Rethinking how we provide digital services
Another topic that we explored is where the line is drawn between using technology simply to speed up existing processes, or switch them to remote, and using it to genuinely do business in new and innovative ways.
Intel’s CIO Deskus says, “Not every single stream of digital transformation is one or the other. It’s a combination, and most organizations need both.
“Not everything we are going to do in digital transformation is a new business model – a new way to go to market. Some of it is also going to be about enabling our organizations to work differently and modernize some of the capabilities we have.”
This indicates that investing in both modes of change should be part of any strategy that will really generate effective transformation. The impetus is on organizations to invest in technology and transformation both as a way of positioning themselves as a leader in their field and to drive efficiency across their operations.
In terms of non-technological leadership capabilities that have helped organizations survive and, in some cases, grow during the pandemic, the ability to effectively manage risk was ranked as highly important. This will only become more true as we adapt post-covid. While the pandemic in ongoing and companies are mostly working reactively to mitigate serious risks to business and health, there’s little appetite for taking on unnecessary risk. As the situation normalizes and we (hopefully) see the back of the mortal risk to life, our attention will once again turn to opportunities and the risk/reward balancing act that is always part of business. Ensuring this is done in a measured way, in-line with the responsibilities of leadership in a post-covid environment, is essential.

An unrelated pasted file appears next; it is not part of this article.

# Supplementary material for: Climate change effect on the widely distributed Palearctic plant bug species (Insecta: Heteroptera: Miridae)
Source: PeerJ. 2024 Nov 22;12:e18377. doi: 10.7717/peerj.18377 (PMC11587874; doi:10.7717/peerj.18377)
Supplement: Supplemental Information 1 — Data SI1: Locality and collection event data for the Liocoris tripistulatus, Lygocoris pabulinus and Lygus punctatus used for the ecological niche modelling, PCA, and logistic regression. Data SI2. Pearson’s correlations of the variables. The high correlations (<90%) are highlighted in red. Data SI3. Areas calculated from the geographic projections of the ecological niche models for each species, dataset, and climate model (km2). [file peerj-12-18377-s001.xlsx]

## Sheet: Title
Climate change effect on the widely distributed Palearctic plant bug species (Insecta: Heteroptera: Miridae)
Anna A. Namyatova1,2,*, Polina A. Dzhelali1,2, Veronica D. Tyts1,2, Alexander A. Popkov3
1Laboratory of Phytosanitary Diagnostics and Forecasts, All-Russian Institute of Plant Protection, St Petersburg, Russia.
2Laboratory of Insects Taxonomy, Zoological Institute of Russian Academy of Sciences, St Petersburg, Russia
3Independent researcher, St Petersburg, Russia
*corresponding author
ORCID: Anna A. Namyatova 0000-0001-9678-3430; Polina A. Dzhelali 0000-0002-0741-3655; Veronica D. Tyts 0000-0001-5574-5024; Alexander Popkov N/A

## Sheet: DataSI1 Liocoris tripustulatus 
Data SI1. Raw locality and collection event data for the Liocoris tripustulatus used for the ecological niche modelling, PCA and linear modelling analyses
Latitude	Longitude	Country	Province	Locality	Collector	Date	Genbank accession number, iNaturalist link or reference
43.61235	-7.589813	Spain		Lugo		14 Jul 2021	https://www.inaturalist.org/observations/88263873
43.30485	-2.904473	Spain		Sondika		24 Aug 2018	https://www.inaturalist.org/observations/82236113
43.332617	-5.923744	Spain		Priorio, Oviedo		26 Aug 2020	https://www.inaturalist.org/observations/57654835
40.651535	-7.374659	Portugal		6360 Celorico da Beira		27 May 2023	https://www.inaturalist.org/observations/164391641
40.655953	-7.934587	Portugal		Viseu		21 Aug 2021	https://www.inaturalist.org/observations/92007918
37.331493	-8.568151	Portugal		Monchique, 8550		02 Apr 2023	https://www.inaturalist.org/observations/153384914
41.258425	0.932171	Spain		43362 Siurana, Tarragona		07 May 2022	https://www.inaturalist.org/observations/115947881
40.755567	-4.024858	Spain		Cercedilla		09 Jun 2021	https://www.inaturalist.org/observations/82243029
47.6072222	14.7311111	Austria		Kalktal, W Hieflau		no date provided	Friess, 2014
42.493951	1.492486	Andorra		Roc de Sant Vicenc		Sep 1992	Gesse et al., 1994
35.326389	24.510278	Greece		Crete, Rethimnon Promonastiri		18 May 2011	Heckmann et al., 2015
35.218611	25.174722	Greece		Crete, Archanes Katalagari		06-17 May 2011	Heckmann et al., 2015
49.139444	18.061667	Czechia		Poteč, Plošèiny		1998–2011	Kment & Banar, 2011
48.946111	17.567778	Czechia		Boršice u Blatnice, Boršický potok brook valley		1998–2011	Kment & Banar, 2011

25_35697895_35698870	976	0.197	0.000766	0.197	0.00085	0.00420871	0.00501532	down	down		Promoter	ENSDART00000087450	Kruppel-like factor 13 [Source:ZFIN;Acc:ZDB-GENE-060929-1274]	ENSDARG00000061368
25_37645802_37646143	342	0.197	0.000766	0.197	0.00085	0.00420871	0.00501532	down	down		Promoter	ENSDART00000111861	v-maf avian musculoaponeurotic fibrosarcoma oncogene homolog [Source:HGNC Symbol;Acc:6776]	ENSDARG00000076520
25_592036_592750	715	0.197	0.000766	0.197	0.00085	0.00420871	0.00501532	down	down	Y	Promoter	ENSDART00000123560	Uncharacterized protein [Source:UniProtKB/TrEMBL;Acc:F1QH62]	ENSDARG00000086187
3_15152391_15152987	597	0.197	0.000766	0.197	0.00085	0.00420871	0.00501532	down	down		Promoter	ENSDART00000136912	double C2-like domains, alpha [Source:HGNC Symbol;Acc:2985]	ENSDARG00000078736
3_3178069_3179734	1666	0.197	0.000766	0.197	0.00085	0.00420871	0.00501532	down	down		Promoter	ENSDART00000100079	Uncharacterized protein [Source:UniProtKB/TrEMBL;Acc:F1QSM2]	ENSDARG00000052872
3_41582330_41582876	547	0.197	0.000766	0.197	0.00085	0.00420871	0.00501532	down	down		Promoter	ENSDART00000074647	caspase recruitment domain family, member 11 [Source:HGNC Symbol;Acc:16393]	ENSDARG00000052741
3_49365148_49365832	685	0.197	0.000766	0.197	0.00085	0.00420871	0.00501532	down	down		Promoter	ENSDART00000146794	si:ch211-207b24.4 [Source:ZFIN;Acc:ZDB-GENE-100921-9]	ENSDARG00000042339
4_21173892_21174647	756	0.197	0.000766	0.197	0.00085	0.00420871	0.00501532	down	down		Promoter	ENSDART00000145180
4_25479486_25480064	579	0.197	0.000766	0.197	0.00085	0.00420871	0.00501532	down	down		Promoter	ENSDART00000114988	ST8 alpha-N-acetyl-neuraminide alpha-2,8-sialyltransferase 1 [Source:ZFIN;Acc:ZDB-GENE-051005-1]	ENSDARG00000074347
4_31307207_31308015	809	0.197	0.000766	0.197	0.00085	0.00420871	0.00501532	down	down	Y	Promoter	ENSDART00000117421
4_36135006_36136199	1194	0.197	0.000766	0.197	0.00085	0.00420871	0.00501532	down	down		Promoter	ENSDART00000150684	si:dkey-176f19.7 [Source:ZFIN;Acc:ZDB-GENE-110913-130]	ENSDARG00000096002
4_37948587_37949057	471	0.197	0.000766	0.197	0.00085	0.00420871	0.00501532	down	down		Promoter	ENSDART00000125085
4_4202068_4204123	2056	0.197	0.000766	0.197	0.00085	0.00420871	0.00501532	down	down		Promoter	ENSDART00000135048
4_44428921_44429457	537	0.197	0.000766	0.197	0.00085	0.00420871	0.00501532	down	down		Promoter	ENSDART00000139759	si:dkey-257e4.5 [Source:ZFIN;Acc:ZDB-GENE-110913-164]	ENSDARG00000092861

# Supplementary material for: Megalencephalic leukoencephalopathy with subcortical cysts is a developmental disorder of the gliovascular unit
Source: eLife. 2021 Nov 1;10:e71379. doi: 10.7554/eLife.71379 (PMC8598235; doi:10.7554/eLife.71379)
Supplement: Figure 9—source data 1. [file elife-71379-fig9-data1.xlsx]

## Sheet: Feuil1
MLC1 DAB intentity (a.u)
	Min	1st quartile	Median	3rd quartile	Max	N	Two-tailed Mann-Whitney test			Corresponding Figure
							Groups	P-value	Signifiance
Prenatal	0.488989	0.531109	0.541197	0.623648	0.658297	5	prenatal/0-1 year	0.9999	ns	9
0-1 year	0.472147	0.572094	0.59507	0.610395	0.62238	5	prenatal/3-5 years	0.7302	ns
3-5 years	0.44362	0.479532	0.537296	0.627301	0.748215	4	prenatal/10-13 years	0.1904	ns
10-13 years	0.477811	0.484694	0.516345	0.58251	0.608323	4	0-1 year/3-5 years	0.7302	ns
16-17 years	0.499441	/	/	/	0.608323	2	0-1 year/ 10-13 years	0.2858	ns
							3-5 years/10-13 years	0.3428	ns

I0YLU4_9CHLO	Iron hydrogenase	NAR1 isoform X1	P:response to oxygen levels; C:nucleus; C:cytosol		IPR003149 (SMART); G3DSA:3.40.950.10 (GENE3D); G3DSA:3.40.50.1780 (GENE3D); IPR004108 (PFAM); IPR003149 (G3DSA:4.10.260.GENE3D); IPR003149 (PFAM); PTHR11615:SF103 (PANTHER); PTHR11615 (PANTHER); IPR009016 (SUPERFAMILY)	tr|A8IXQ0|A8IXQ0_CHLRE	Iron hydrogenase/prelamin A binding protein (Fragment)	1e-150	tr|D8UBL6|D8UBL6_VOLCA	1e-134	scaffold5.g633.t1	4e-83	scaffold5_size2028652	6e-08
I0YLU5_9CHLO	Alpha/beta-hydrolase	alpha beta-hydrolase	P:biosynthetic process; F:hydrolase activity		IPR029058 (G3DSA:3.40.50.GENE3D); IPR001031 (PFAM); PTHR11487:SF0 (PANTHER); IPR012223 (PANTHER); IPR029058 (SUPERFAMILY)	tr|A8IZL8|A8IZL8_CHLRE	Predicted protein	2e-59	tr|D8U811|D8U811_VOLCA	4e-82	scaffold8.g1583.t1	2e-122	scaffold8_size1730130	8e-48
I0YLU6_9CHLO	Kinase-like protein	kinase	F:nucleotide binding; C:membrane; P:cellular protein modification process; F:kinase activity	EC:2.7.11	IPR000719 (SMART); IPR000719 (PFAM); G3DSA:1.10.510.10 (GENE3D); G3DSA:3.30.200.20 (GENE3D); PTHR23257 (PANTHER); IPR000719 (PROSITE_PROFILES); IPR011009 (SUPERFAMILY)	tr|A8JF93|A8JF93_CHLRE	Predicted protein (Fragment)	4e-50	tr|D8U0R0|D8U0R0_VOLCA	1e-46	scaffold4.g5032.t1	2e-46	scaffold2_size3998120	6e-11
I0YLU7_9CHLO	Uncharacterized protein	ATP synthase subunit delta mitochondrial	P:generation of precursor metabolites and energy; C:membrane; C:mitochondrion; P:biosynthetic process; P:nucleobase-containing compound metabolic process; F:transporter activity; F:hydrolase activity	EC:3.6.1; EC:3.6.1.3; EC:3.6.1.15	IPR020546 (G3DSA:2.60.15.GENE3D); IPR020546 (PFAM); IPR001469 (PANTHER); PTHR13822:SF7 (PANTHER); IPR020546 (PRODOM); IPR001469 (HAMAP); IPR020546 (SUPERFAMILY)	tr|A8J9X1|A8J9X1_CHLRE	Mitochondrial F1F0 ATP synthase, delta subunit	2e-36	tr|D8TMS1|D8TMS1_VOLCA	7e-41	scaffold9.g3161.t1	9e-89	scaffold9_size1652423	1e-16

“It’s that careful balancing,” says ITV’s CDO Bala, “yes, it’s a pandemic, yes, it’s a black swan event, but no CEO is going to be leading an organization that, through this pandemic, was slightly careless or slightly risky in terms of its risk profile.”
Reducing friction for the customer
The ultimate lesson, however, that we should take forward from the pandemic, according to Levie, is that the real advantage technology offers is that it allows us to more effectively and efficiently deliver products and services to customers. He says, “I think what this environment has taught us is – what digital was really intended for in the first place – is your customers just want fewer steps between them and your services.
“What this environment has taught all businesses is that if there’s friction between you and your customers – and that could mean manual steps like Fedex-ing documents, the time it takes to get products delivered – that friction is going to mean your customers go somewhere else.
“So what we’ve learned is … the ultimate meaning of digital revolution is you can get your products to your customers faster, and get your employees able to be as productive as possible.”
You can listen to the full conversation, Rise or Retreat: The Digital Transformation Imperative, which also covers cybersecurity and examples of best practice the panelists oversaw at their own organizations, on demand here.